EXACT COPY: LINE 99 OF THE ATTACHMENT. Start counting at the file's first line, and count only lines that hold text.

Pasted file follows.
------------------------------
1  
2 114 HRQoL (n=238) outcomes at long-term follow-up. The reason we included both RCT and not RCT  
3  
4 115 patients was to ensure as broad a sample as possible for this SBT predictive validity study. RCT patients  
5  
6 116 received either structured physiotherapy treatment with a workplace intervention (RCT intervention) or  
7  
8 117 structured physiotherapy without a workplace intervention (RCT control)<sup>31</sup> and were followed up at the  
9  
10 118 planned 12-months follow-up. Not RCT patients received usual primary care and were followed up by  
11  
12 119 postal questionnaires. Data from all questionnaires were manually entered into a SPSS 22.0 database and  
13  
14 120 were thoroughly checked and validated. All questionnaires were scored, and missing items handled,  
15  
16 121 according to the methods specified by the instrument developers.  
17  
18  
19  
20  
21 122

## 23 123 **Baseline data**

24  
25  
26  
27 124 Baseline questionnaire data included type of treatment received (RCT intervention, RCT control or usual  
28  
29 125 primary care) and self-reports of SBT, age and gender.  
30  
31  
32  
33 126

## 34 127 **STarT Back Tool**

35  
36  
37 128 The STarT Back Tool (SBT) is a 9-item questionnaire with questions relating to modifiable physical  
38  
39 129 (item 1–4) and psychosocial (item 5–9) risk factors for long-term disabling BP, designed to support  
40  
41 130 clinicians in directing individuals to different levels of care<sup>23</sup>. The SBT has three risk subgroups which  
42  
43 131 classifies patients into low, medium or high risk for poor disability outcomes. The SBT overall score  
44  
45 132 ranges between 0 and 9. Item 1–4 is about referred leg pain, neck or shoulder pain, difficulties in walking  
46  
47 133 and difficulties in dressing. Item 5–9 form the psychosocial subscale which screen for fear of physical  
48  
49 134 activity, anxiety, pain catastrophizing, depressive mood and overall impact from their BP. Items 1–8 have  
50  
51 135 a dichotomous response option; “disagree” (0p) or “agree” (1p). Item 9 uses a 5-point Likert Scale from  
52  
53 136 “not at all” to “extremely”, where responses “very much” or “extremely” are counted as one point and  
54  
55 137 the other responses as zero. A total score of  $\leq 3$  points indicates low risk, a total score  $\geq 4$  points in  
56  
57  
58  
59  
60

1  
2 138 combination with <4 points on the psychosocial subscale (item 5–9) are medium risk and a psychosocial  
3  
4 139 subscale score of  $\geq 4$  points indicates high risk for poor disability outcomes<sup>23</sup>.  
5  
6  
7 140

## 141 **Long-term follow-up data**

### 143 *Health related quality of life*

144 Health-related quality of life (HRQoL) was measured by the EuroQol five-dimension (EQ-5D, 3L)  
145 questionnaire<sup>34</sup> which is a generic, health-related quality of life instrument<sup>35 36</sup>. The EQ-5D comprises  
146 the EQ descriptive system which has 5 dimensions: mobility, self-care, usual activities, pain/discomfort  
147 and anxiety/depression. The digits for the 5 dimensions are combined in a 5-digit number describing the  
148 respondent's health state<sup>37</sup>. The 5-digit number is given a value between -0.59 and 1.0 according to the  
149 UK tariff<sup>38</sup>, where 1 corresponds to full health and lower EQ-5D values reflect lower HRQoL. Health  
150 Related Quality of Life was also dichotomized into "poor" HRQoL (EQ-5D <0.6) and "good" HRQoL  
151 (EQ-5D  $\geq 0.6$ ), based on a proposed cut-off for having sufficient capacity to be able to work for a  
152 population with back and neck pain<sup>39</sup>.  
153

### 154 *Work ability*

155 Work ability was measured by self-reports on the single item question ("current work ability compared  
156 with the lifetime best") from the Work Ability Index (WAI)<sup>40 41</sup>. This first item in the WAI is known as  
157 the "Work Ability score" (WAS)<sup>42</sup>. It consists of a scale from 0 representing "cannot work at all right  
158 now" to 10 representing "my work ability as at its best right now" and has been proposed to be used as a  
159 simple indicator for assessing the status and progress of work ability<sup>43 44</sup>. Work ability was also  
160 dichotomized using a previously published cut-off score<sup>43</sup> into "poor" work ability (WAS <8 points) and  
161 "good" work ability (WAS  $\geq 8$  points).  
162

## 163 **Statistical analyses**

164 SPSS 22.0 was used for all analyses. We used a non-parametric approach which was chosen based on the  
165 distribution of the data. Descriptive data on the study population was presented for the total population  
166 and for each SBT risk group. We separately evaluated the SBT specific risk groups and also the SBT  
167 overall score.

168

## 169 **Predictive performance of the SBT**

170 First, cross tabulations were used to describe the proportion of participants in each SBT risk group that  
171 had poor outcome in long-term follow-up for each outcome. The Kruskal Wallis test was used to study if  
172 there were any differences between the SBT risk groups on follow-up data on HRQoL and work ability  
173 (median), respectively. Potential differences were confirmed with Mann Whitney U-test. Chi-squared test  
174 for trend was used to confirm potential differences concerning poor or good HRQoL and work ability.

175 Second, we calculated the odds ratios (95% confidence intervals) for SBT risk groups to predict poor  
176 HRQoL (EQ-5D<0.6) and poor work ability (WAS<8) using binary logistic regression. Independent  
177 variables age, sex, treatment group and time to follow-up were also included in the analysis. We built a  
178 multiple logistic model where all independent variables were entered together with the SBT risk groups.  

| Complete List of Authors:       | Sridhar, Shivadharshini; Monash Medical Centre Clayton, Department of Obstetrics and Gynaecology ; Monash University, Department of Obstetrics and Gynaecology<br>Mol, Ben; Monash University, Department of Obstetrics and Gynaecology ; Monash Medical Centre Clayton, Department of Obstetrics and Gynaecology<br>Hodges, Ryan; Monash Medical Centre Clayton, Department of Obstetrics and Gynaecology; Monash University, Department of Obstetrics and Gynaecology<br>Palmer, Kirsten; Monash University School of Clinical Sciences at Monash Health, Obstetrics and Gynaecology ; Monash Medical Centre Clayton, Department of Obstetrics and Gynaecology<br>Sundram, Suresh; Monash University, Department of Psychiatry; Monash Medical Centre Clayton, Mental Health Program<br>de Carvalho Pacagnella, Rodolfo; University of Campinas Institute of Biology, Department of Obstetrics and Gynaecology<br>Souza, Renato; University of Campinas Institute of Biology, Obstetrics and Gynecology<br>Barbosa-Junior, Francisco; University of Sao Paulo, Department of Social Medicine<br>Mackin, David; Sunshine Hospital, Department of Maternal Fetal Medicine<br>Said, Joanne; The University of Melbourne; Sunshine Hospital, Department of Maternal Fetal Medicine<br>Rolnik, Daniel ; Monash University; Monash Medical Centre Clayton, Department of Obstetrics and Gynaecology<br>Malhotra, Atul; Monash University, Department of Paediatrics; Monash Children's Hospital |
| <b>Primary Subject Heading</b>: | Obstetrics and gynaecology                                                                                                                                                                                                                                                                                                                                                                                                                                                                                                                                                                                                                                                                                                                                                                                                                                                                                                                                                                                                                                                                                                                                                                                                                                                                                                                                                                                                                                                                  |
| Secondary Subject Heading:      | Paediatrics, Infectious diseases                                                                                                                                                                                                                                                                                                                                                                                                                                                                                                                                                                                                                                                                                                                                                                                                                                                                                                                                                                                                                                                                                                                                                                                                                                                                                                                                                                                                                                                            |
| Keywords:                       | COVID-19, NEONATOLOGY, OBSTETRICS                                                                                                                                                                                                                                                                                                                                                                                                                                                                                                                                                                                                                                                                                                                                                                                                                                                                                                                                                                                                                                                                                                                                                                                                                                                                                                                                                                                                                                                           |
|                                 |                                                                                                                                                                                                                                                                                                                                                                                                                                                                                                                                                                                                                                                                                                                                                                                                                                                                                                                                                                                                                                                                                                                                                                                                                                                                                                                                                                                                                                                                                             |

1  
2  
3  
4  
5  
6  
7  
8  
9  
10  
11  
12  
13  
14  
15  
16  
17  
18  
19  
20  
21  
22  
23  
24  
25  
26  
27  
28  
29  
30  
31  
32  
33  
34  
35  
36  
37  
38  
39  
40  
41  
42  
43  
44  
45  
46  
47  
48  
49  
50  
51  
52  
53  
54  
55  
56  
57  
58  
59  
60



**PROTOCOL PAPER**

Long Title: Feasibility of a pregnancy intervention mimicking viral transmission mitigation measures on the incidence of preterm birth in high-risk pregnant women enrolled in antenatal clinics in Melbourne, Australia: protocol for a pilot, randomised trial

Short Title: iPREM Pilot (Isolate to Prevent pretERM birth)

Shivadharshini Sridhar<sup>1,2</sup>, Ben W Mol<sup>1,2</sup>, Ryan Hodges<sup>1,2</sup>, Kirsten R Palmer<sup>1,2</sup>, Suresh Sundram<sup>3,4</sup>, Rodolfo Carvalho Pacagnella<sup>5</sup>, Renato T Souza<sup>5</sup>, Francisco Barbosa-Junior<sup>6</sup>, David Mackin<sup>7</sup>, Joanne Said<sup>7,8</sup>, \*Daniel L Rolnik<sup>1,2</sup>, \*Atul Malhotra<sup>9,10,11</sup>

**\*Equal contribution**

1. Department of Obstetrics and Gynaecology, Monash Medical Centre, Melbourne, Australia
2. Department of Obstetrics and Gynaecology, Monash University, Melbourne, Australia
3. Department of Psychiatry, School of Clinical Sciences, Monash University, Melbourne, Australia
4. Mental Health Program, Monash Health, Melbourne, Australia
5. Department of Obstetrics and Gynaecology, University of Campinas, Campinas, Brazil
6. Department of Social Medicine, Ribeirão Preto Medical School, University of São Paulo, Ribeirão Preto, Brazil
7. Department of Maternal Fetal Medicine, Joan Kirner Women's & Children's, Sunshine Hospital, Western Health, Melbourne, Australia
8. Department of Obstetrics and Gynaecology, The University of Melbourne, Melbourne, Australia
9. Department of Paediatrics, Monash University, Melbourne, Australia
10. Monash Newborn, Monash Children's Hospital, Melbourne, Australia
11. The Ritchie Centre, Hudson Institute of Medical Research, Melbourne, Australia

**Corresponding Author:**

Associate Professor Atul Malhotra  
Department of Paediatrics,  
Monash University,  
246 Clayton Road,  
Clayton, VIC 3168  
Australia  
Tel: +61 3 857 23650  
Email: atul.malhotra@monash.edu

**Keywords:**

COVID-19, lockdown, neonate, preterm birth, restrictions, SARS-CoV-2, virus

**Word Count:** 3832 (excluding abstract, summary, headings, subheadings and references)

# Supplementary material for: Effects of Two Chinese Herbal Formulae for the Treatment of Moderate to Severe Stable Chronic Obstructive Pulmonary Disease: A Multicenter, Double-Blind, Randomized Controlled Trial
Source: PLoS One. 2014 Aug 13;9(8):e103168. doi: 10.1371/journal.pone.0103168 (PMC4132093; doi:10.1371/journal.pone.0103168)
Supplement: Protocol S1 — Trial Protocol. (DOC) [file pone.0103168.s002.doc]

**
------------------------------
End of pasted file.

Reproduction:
174 for trend was used to confirm potential differences concerning poor or good HRQoL and work ability.